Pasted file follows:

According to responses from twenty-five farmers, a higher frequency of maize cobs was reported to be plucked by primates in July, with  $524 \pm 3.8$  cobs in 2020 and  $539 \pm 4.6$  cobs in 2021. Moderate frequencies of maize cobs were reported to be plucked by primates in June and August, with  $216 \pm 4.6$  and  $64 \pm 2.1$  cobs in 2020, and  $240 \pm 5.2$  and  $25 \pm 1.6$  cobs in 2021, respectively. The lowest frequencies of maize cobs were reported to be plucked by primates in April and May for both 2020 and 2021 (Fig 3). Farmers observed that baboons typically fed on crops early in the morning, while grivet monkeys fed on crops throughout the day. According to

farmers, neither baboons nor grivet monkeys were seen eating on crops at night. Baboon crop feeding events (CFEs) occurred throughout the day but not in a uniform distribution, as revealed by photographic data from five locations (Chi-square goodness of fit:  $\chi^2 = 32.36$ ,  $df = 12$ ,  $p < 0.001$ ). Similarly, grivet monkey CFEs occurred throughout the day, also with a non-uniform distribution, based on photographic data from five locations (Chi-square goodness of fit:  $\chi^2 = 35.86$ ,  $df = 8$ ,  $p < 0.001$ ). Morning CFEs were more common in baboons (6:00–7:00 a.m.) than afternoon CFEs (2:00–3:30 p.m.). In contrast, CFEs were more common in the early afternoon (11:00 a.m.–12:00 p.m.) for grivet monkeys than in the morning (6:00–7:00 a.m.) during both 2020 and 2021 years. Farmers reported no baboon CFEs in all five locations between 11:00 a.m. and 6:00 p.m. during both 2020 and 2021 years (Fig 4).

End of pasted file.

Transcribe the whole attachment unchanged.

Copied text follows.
According to responses from twenty-five farmers, a higher frequency of maize cobs was reported to be plucked by primates in July, with  $524 \pm 3.8$  cobs in 2020 and  $539 \pm 4.6$  cobs in 2021. Moderate frequencies of maize cobs were reported to be plucked by primates in June and August, with  $216 \pm 4.6$  and  $64 \pm 2.1$  cobs in 2020, and  $240 \pm 5.2$  and  $25 \pm 1.6$  cobs in 2021, respectively. The lowest frequencies of maize cobs were reported to be plucked by primates in April and May for both 2020 and 2021 (Fig 3). Farmers observed that baboons typically fed on crops early in the morning, while grivet monkeys fed on crops throughout the day. According to

farmers, neither baboons nor grivet monkeys were seen eating on crops at night. Baboon crop feeding events (CFEs) occurred throughout the day but not in a uniform distribution, as revealed by photographic data from five locations (Chi-square goodness of fit:  $\chi^2 = 32.36$ ,  $df = 12$ ,  $p < 0.001$ ). Similarly, grivet monkey CFEs occurred throughout the day, also with a non-uniform distribution, based on photographic data from five locations (Chi-square goodness of fit:  $\chi^2 = 35.86$ ,  $df = 8$ ,  $p < 0.001$ ). Morning CFEs were more common in baboons (6:00–7:00 a.m.) than afternoon CFEs (2:00–3:30 p.m.). In contrast, CFEs were more common in the early afternoon (11:00 a.m.–12:00 p.m.) for grivet monkeys than in the morning (6:00–7:00 a.m.) during both 2020 and 2021 years. Farmers reported no baboon CFEs in all five locations between 11:00 a.m. and 6:00 p.m. during both 2020 and 2021 years (Fig 4).